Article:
- Verily is adapting its existing clinical trial technology, Project Baseline, to the coronavirus.
- Its initial focus will be to study antibody testing.
- There are still many unknowns when it comes to antibody tests. And there's a wide variation in the accuracy of the tests.
The company is adapting its existing study, Project Baseline, which aims to use the latest technology for longitudinal health care research, to support the pandemic. Its first initiative, Baseline Antibody Research, offers serology testing to those who have already received a nasal swab test from Verily's testing program.
Verily, which spun out of Google Life Sciences, has already rolled out testing sites across various sites in California for those who suspect they might have the virus.
A serology test is designed to detect antibodies, which circulate in our blood to help fight off infections. Researchers see some potential in using antibody testing to understand how prevalent Covid-19 is in a community, and studies are already underway.
But there are wide variations in accuracy across the various test markers. These tests are producing a lot of false positive and false negative results. For that reason, many public health experts are wary about overly relying on antibody testing for so-called "immunity passports," as we don't yet know whether a positive result means there's conferred immunity.
Verily's chief medical officer Dr. Jessica Mega said the company is trying to learn more about antibody testing, given that there are still many unknowns about what a positive or negative result means for people. Mega spoke at CNBC's Healthy Returns conference about the importance of testing as a tool for public health as the country starts to re-open.
Participants in the Verily study will be asked to provide blood and nasal samples three times over the course of ten weeks. The study is open to those who have been diagnosed with the virus, as well as those who tested negative. The company has stressed that although Baseline study participants need a Google account, it won't share people's health information with Google for advertising purposes.
Participants might also be asked about their lifestyle and mental health via surveys. "Such information from healthy individuals can help quantify the public health impact of the disease, and provide a basis for better understanding the changes caused by COVID-19," the company wrote in a blog post published on Monday.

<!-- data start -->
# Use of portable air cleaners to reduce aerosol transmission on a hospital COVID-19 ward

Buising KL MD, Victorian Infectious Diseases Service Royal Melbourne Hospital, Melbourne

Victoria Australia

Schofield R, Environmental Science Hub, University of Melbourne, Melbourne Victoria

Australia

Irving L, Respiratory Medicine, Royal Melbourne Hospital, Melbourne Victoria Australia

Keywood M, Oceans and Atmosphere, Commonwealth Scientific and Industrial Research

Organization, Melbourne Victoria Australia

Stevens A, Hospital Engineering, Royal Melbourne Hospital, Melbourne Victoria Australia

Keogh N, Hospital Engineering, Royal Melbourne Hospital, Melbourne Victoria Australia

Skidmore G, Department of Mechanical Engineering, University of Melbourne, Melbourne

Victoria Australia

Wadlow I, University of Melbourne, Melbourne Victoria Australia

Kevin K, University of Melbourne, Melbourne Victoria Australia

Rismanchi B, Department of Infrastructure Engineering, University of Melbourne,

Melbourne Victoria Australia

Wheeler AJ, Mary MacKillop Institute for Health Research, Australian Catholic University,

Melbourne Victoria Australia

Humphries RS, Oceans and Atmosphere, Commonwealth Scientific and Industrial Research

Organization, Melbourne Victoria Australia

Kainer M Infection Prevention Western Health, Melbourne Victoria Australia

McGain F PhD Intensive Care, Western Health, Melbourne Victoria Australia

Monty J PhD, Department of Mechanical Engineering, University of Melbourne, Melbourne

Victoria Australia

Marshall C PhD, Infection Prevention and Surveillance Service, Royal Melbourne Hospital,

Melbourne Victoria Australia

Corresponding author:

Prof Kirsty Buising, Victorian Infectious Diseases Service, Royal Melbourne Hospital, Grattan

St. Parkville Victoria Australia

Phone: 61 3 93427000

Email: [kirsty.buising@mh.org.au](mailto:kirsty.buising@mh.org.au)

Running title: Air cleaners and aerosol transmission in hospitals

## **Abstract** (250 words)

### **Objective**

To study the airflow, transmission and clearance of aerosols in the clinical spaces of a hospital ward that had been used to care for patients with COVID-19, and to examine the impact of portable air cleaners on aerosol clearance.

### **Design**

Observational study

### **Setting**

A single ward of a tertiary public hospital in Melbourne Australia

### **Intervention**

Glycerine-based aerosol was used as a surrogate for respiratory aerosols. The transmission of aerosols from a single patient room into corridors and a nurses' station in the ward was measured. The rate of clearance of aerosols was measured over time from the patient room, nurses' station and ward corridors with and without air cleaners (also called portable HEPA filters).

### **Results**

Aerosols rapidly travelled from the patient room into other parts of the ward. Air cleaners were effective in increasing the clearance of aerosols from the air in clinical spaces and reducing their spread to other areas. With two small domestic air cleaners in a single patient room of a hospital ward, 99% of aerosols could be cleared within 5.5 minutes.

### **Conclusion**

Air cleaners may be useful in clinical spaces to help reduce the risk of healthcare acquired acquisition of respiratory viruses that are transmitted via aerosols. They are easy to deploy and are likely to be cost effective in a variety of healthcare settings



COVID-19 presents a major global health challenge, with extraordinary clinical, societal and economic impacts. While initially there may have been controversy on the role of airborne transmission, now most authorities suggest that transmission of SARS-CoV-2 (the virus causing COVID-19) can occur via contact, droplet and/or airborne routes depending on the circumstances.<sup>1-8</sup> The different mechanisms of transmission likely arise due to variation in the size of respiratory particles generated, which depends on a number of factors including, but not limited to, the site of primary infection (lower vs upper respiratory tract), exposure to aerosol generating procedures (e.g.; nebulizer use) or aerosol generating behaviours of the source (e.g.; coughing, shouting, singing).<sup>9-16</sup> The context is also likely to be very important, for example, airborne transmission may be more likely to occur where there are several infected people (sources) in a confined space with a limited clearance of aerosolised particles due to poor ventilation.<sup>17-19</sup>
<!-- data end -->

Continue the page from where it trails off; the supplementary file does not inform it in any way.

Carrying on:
The initial study is limited to California for now, but Mega said there's the potential to expand nationally.
In addition to its antibody testing work, Mega also told CNBC that Verily is providing its technology to a clinical trial already underway to understand whether hydroxychloroquine, an anti-malarial drug, can reduce the risk for medical workers. Verily said the focus is to study whether hydroxychloroquine can, and should, be administered prophylactically, meaning on a preventative basis.
Hydroxychloroquine has been touted as a Covid-19 treatment by President Trump and others, but some early studies are showing poor results and an increased risk of side effects, and there's a lack of randomized double-blind trials (the gold standard). More studies are still needed to gauge the overall safety and efficacy of the drug, including whether it makes sense to administer it to medical personnel.
"The nation needs answers on this front," said Dr. Mega.
Dr. Mega said that her company is working closely with researchers at Duke University as part of the Healthcare Worker Exposure Response and Outcomes (HERO) research program. Duke has stressed that the results will be shared with the wider scientific community on an ongoing basis.